For almost two decades now, Interarchy has been a reliable, innovative file transfer application for Mac OS X. Interarchy is both easy to use and incredibly powerful. Every aspect of your file transfer operations – from listing a remote directory to deploying a full blown website – can be performed elegantly. Let’s go take it for a spin.
Despite there being a wide range of FTP applications for the Mac, only one or two really stand head and shoulders above the crowd. One of these is undoubtedly Forklift, which I’m proud to thank as this week’s site sponsor.
Now in a seasoned version 2 release, Forklift offers everything you could need from an FTP client. It’s capable of connecting to more or less any type of server imaginable, can split/combine large files, synchronise browsing, and remotely edit files – all with full keyboard control.
Two particularly handy features are Droplets, Synclets and Disklets – three unique ways to easily and quickly sync folders, upload files, or create virtual local drives of your remote connections. These alone may well be worth the purchase price of $29.95!
If you’re new to the Mac, haven’t yet settled on an FTP client, or just want to take advantage of the awesome features Forklift offers, you owe it to yourself to give it a try. You can download a free trial, or just go ahead and pick up a copy from the Mac App Store.
Whatever profession you’re in, there’s a strong chance that as a Mac.AppStorm reader you occasionally need to delve into a FTP client. Whether that’s to transfer a file to someone, update your website, or access a service such as Amazon S3 – there are a multitude of reasons why an FTP app might come in handy.
Personally, I’m a big fan of Transmit 4. It’s a beautiful app with a very thorough feature set – two selling points that make it hard to ignore. In fact, it was one of the apps that originally made me want to switch across to the Mac (along with everything else designed by Panic at the time…)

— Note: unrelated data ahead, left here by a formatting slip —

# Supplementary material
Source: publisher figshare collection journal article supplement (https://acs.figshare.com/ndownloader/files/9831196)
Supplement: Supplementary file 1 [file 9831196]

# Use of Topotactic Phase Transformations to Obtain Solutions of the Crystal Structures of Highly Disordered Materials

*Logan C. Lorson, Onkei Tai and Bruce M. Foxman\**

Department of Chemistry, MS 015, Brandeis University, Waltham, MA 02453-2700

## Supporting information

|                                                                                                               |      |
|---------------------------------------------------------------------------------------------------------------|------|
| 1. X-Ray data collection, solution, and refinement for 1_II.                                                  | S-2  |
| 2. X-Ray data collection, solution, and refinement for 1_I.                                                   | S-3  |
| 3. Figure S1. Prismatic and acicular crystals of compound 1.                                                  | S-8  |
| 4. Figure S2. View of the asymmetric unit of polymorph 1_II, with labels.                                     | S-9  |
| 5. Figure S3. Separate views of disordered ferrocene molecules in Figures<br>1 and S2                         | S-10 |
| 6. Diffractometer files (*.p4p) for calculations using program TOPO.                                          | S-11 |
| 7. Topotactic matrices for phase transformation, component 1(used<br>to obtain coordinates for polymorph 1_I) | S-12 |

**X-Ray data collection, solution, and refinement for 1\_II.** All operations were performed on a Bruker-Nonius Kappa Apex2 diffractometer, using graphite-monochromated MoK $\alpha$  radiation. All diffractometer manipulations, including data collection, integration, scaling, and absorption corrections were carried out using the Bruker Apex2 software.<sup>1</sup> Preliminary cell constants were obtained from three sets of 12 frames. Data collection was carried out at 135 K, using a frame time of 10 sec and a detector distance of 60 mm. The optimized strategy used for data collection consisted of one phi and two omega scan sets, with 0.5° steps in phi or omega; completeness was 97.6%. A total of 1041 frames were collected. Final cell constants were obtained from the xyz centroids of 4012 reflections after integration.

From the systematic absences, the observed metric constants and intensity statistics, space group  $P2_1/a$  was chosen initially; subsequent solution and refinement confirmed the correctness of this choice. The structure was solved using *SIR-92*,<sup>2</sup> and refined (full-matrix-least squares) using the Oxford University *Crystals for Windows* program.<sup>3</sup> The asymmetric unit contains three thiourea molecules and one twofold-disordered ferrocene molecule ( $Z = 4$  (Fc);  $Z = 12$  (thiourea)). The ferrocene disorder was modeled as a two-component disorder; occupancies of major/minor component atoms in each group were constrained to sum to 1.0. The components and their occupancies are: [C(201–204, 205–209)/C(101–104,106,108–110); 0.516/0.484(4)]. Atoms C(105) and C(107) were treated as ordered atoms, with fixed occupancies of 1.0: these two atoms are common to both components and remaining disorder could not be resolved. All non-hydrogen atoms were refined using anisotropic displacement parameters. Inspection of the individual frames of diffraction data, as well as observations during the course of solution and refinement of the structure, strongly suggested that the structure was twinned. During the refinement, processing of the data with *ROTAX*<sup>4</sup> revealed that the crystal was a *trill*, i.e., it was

These all have their own unique selling points and features – you’d be amazed at how much scope there is for individuality in such a theoretically mundane niche of software. From disks that mount on your desktop to Automator support and “Droplets” – software can actually make FTP fun!
I’d be interested to hear which application you use – feel free to share your thoughts in the comments. Which FTP app do you use, how often do you need to open it, and why?
Old Competition Post
Most Mac users will find a need for an FTP client from time to time, and there are plenty to choose from. Forklift is undoubtedly one of our favourites and the latest incarnation in version 2 brings a fantastic range of new functionality.
Forklift will connect to any server you can throw at it (FTP, SFTP, WebDAV, S3, iDisk, SMB, AFP and NIS), can synchronise browsing between local and remote folders, split/combine files, mount remote volumes as a local drive, and much more. Usually priced at $29.95, we’re giving three readers the chance to grab their own copy completely free!
All you need to do is leave a comment below, letting us know how you use your current FTP app. Is it to manage your website? Backup files to Amazon S3? Or to connect to other computers on your network?
The competition will run for one week, and I’ll pick three winning comments at random on Wednesday, 20th April. Best of luck, and happy FTPing!
Congratulations to the following three winners, who will shortly be receiving their Forklift license!
- Laurence Wilks
- Geoffrey Schumann
- Robert in SF
Congratulations on your ownership of a Mac! Because of that you have been blessed with a mammoth range of FTP (as well as SFTP, WebDav and Amazon S3) clients that you can use to browse and manage your files on a remote server.
One of the main players in the FTP game is Cyberduck – a free, open-source application that is quite possibly the best solution (for its price) currently available on Mac. It can connect to FTP, SFTP, WebDav, Cloud Files, Google Docs and Amazon S3. Cyberduck is written by David V. Kocher however as mentioned before, it’s an open-source software, so the application is constantly improved by many people around the world.
Read on to find out whether it fits the bill for you.
Today we’re going to get our hands on the newest version of Transmit, Panic’s longstanding FTP client. Though it’s the patriarch of Mac FTP applications, Transmit has been knocked about recently by a few new competitors upping the ante for innovation and style.
Transmit 4 has risen to the challenge with a completely redesigned interface, newly streamlined workflow and stunning speed increases. I’ll just say now to any Transmit 3 users, this is an update you won’t want to miss.